There was a strange phenomena in Australia when we originally played that song live there in the early ’90s, which was for guys to come up to me after just about every gig and tell me in the most enthusiastic way that they loved that song because they themselves were Ivan and they identified so strongly with him. Which obviously, if you listen to the words, is a bit weird ‘cos Ivan’s not necessarily a very nice bloke — it always made me think of Dennis Hopper insisting to David Lynch that he had to play the sociopathic Frank Booth in Lynch’s Blue Velvet because he himself actually was Frank. Maybe Ivan’s not quite as crazy as Frank but it certainly made me wonder about the sort of Aussie guys who were coming along to our shows back then.
And how do you know Ivan didn’t drive a car? He only walked home from work.
Gaskrankinstation is the German word for a gas chamber that the Nazis used to kill the Jews in the death camps in the Second World War. Make of that what you will.
The video clip was played constantly on music TV in Australia in the early ’90s. It’s gotten to the point now where I can’t disassociate the song with the clip. What can you remember about the making of the video?
We asked some guy who owned a gas station out in South Auckland if he’d let us film it there one night, after he’d closed for the evening, and he said yes, so we rounded up a bunch of mates, organised the evening’s shoot and went to work. I think it took us about seven or eight hours to film most of the stuff at the gas station and then we shot the scenes at the end of the video, of Ivan watching TV, on a different day.
What was the general reaction to Gaskrankinstation? Did it become something of a cult song for the band in the way that I imagined it to be at the time?
Some people liked it, I guess. And, yes, it did become a cult song which is because not everybody liked it, heh heh.
Gaskrankinstation was released as a stand-alone single in 1990, but by the time it appeared on an album a year later, the band, and the sound, had changed quite significantly. What were the circumstances that lead up to Fiona joining the band? Did you see it as a natural progression or just an experiment?
Both a natural progression and an experiment; they go together, really. I’d known Fiona for a few years before she came to sing on Body Blow and then joined the band, but it just so happened that she’d come back to Auckland from a couple of years of living in Sydney and I saw her singing live with another band (N.R.A.) and was reminded again of what a great singer she was and asked her to sing on “Cruise Control”. It went from there. Initially, we just asked her to come and sing on a couple of songs but then it seemed like a good idea to ask her to join. Because of fiona, our audience demographic went from about 75% male/25% female to about 50/50 in the space of a few months, which was pretty cool.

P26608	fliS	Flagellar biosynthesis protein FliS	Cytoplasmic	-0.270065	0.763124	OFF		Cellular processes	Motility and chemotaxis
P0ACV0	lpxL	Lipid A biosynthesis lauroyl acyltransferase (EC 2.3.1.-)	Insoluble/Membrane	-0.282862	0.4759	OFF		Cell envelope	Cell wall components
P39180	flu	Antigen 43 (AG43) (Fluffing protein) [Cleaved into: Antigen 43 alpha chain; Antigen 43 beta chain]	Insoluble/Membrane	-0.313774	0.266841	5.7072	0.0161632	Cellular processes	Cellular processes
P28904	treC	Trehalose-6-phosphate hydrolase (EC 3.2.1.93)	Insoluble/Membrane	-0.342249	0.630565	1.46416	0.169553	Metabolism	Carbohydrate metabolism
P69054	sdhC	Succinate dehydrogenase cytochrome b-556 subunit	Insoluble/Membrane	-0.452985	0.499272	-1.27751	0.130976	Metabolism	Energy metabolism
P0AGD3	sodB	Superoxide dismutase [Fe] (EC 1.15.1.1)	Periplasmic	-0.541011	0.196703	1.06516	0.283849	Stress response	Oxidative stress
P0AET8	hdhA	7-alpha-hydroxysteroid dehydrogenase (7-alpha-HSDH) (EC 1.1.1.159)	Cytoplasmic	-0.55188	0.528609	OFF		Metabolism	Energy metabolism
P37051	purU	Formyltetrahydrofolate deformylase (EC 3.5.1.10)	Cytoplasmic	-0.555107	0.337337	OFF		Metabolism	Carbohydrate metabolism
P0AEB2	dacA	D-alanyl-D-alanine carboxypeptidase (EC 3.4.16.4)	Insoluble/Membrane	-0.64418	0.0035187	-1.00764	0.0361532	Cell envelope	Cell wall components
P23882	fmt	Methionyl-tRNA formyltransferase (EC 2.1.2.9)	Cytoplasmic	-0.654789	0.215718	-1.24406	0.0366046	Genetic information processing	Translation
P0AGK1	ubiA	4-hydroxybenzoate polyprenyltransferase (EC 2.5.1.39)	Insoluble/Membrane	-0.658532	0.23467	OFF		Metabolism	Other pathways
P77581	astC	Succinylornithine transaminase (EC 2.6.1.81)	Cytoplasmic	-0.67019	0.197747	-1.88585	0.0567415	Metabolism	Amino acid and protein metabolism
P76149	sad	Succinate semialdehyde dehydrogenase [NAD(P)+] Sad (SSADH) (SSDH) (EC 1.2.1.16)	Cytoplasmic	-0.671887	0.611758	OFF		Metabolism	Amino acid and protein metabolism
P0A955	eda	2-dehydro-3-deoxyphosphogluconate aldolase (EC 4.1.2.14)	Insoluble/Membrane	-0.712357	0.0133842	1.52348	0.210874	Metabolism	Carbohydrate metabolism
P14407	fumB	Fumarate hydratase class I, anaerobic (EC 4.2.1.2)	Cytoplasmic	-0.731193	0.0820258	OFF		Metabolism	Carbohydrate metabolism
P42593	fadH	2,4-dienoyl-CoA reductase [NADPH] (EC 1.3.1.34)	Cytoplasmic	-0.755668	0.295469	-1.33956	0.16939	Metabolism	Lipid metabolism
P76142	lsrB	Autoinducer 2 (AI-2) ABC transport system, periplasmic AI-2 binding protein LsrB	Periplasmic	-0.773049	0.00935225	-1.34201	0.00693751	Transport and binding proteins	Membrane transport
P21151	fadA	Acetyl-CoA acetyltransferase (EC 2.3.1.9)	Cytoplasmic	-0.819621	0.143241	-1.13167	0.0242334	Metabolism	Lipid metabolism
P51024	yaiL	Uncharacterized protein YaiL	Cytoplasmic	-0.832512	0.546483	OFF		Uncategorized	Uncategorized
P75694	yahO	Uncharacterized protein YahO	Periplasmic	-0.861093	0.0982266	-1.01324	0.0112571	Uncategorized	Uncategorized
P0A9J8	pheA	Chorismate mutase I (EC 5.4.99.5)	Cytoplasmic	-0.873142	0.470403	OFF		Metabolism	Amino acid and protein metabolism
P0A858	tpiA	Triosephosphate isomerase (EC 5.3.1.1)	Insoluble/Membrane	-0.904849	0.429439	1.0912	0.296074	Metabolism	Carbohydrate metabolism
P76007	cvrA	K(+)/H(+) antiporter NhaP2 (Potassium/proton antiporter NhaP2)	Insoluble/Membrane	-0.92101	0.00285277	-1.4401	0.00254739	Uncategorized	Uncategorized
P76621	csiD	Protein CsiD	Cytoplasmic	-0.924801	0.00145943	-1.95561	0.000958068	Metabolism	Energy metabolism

It worked out well for the band though, didn’t it? Success and fame and all that entails?
Unfortunately in New Zealand, success and fame don’t equal getting rich or even necessarily making a living out of music, which we didn’t, but the band just kept going nonetheless. I’ve never really understood the whole wanting-to-be-famous thing, though, or male musicians who will tell you that they only started playing in a band because they wanted to meet girls: the only reason that I ever wanted to play music was because I wanted to play music. Everything else is incidental.
You were the only band in the Flying Nun roster to have a number 1 song. Is that something to still feel smug about? As a band you were quite different from the “Flying Nun sound”, almost in complete opposite of it. Did you consider yourselves a part of that scene at all?
Let’s get this straight: the “Flying Nun sound” is not just the sound of the early Dunedin jangle-pop bands, if that’s what you mean. It was a very diverse range of different-sounding bands from the day that Roger Shepherd started the label. The first single ever released by Flying Nun was by the Pin Group who were a bunch of Joy Division-ists from Christchurch, and it was the early Christchurch bands like them, the Victor Dimisich Band, Scorched Earth Policy, and The Bilders etc, who defined a lot of the original Flying Nun sound for me, which was basically the ’70s Krautrock/Punk ethos fused with ’60s Psychedelic/Garage Rock. We, initially as Children’s Hour, came out of that same early ’80s post-punk scene, even though we were from Auckland, and the Headless Chickens was a logical extension of that same fertile environment that spawned bands like Fetus Productions, N.R.A., and Skeptics, and they were the bands who were our peers (amongst quite a few others) and who were experimenting with musical genres and instruments beyond just the standard bass/drums/guitars lineup, so i don’t think we ever felt out of place at all on Flying Nun.
And, yes, of course we were part of that scene: most of the various members of the Headless Chickens over the years all came from bands who were on the Flying Nun label right from the beginning, and consequently we knew just about everybody else in all the other Flying Nun bands personally. It was a very tight little scene for about the first ten years and most of the bands during that time would often stay at each other’s places in other cities when they were touring, for example, rather than motels. I think we, as a band, grew further away from the Flying Nun ethic as we developed and began to embrace dance music more in the early ’90s, and we certainly were the most commercially successful of all the bands, but The Chills, The Clean, The Straitjacket Fits and a few others all had quite a lot of chart success in New Zealand. I don’t think we ever felt smug about having a number one single, but then we’d already had five other singles in the N.Z. top ten so it seemed like a logical conclusion at the time.
Now, you just reformed recently for shows in Australia and New Zealand. How did that go down? Enjoy playing the old stuff again? Did it feel there was life in the old Headless Chicken yet?
I think most of the people who came to see us enjoyed it, judging by the audience response. I enjoyed a lot of it and some of it I didn’t enjoy at all, but I definitely enjoyed playing the songs again, as always. We didn’t really make any money out of it, once again, and I’m not sure that the often-tenuous relationship between former bandmates can stand the strain of doing this chicken-shit thing without any fiscal reward, so I’m guessing that’s pretty much it for now.
Finally, just out of curiosity, what do you think ever happened to Ivan?
He went back to living in my head; after all, I did subconsciously name my currently seven year old cat, Ed, and it took me about a year to realise why…